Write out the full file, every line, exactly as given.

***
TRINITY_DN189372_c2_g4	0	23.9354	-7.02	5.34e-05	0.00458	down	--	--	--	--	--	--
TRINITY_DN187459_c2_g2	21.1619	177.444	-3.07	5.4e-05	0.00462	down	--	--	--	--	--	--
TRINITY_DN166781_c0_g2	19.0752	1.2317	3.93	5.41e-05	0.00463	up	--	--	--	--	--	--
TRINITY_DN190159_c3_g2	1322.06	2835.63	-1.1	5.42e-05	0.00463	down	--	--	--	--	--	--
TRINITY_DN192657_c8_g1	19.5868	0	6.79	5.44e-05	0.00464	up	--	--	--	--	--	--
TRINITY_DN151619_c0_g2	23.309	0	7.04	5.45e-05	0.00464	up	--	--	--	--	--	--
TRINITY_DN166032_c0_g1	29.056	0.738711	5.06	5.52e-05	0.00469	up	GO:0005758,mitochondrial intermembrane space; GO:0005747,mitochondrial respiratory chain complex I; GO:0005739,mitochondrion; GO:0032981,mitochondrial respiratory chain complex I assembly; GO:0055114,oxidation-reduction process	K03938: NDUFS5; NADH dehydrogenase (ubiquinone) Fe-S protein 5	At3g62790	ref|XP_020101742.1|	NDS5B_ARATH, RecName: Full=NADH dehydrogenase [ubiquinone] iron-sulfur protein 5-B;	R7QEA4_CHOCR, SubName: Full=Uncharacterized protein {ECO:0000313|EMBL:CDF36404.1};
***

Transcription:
TRINITY_DN189372_c2_g4	0	23.9354	-7.02	5.34e-05	0.00458	down	--	--	--	--	--	--
TRINITY_DN187459_c2_g2	21.1619	177.444	-3.07	5.4e-05	0.00462	down	--	--	--	--	--	--
TRINITY_DN166781_c0_g2	19.0752	1.2317	3.93	5.41e-05	0.00463	up	--	--	--	--	--	--
TRINITY_DN190159_c3_g2	1322.06	2835.63	-1.1	5.42e-05	0.00463	down	--	--	--	--	--	--
TRINITY_DN192657_c8_g1	19.5868	0	6.79	5.44e-05	0.00464	up	--	--	--	--	--	--
TRINITY_DN151619_c0_g2	23.309	0	7.04	5.45e-05	0.00464	up	--	--	--	--	--	--
TRINITY_DN166032_c0_g1	29.056	0.738711	5.06	5.52e-05	0.00469	up	GO:0005758,mitochondrial intermembrane space; GO:0005747,mitochondrial respiratory chain complex I; GO:0005739,mitochondrion; GO:0032981,mitochondrial respiratory chain complex I assembly; GO:0055114,oxidation-reduction process	K03938: NDUFS5; NADH dehydrogenase (ubiquinone) Fe-S protein 5	At3g62790	ref|XP_020101742.1|	NDS5B_ARATH, RecName: Full=NADH dehydrogenase [ubiquinone] iron-sulfur protein 5-B;	R7QEA4_CHOCR, SubName: Full=Uncharacterized protein {ECO:0000313|EMBL:CDF36404.1};